There are lots of claims about encryption security, citing all different types of encryption, with exotic names like “blowfish” or “military grade.” Reminds me of the advertisements for a certain vegetable slicer – it would perfectly slice tomatoes, as long as they were green.
• Here’s what counts in encryption:
• Is the algorithm safe?
• Is the key secure?
• Who has the key?
• Is the data encrypted during transmission?
• Does the data remain encrypted at rest?
First, let’s consider the algorithm. Most knowledgeable people would agree that the US Government document FIPS-140-2 is a pretty good authority on which algorithms are secure. FIPS stands for Federal Information Processing Standards and the document is published by the National Institute of Standards and Technology. Among the algorithms specified in Annex A is TDEA, or “3DES.” The algorithm has been thoroughly tested for over 25 years and has no known weakness so long as certain implementation standards are met (avoid known weak keys, and use Keying Option 1 as described in NIST Special Publication 800-67). Enveloc conforms to these requirements for 3DES, which is the algorithm we use to encrypt the already user-encrypted backup sets prior to transmission.
The other, more important algorithm we use, also specified in Annex A to FIPS-140-2, is the Advanced Encryption Standard, or AES. This algorithm is described in FIPS 197. AES can be used in 112 bit, 192 bit or 256 bit mode. Enveloc only uses the 256 bit implementation of AES as described in FIPS 197. This is the algorithm used to encrypt the computer data during the compression-encryption phase, as it is placed in the backup sets.
So note that the only encryption algorithms we use are those approved by FIPS-140-2: the Triple Data Encryption Algorithm or 3DES, and the Advanced Encryption Standard or AES. For 3DES use Keying Option 1 which requires three 56 bit keys. For AES we use only the 256 bit implementation.
What about the key? Some companies assign you a key and they have a copy. Or they let you make one up and they have a copy. This is like writing the combination on the safe. If anyone has the key and the data, no matter how secure the algorithm, someone can read your data, and can do so without your knowing it. At Enveloc, we require that you create the key, and we do not have a copy unless you explicitly request that we keep one. Your key is encrypted on disc (using either AES256 or 3DES plus another technique) so that only our software – not a prying co-worker – can open it to use it during backup time. Otherwise, you’d have to be standing by at backup time to enter the key.
By the way, if you choose to store the key with us, it does reduce your security, but we take many steps to safeguard it. It is only transmitted once, itself in an encrypted state with a system key so that our employees cannot discover it. Only the programming staff knows how to decrypt it and we keep them locked in the basement (just kidding about the basement). When the technical staff are called on by the customer to forward the key, the automated process records notices to management and the request is verified just to be sure everything is in order.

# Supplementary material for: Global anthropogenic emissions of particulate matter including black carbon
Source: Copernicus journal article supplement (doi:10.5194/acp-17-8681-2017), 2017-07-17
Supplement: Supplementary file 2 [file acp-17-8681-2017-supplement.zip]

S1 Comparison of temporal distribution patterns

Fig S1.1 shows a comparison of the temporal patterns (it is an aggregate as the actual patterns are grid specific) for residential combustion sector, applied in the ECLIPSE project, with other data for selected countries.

So here’s a general idea of how everything works: at backup time, the user’s key is checked to be sure it hasn’t been tampered with, then recovered from disk and applied to the file data of files as they are compressed into the backup sets using AES256 bit encryption. The backup sets are then tested for integrity by doing a test decompress-decrypt (without writing to disk). Then the backup sets are 3DES encrypted with an Enveloc key for transmission. When they are received by Enveloc servers, they are checked for integrity and authenticity, then the “outer wrapper” of 3DES is removed. The data in the compressed files always remains encrypted with 256bit AES. Remember – we don’t have the key.
So say someone broke into your office and stole just the printout of your encryption key. Could they log in to your account and download your data? No way – only the machine that backs up can access the account, and then only through the Enveloc software. By prohibiting direct access to folders on our servers, we provide yet another layer of security for your data.
What happens if your backup computer is toast and you need to restore to another machine? We have made provision for that. You just identify yourself to our servers in a fresh installation of Enveloc software and your credentials will be provided for accessing the old account. But you will still need your encryption key.
Because we don’t have a copy of the key, one thing is extremely important: Don’t lose that key! Without it, your backup sets are useless since they cannot be decrypted.
So to summarize: Enveloc uses secure, NIST approved algorithms; the key is secured with those same algorithms and never leaves the client machine; the data is encrypted during transmission and at rest.
Another day we’ll talk about the security of our network centers. Do you know that some backup companies keep their servers in a garage?
If you would like your company’s data to be extremely well protected against access, hacking, theft, data mining, or any other nefarious activities while it is backed up offsite, call Enveloc and take us up on our 30 day no-risk guarantee: if for any reason at all you are not totally satisfied with Enveloc software and service, there will be no charge. Thanks for using Enveloc!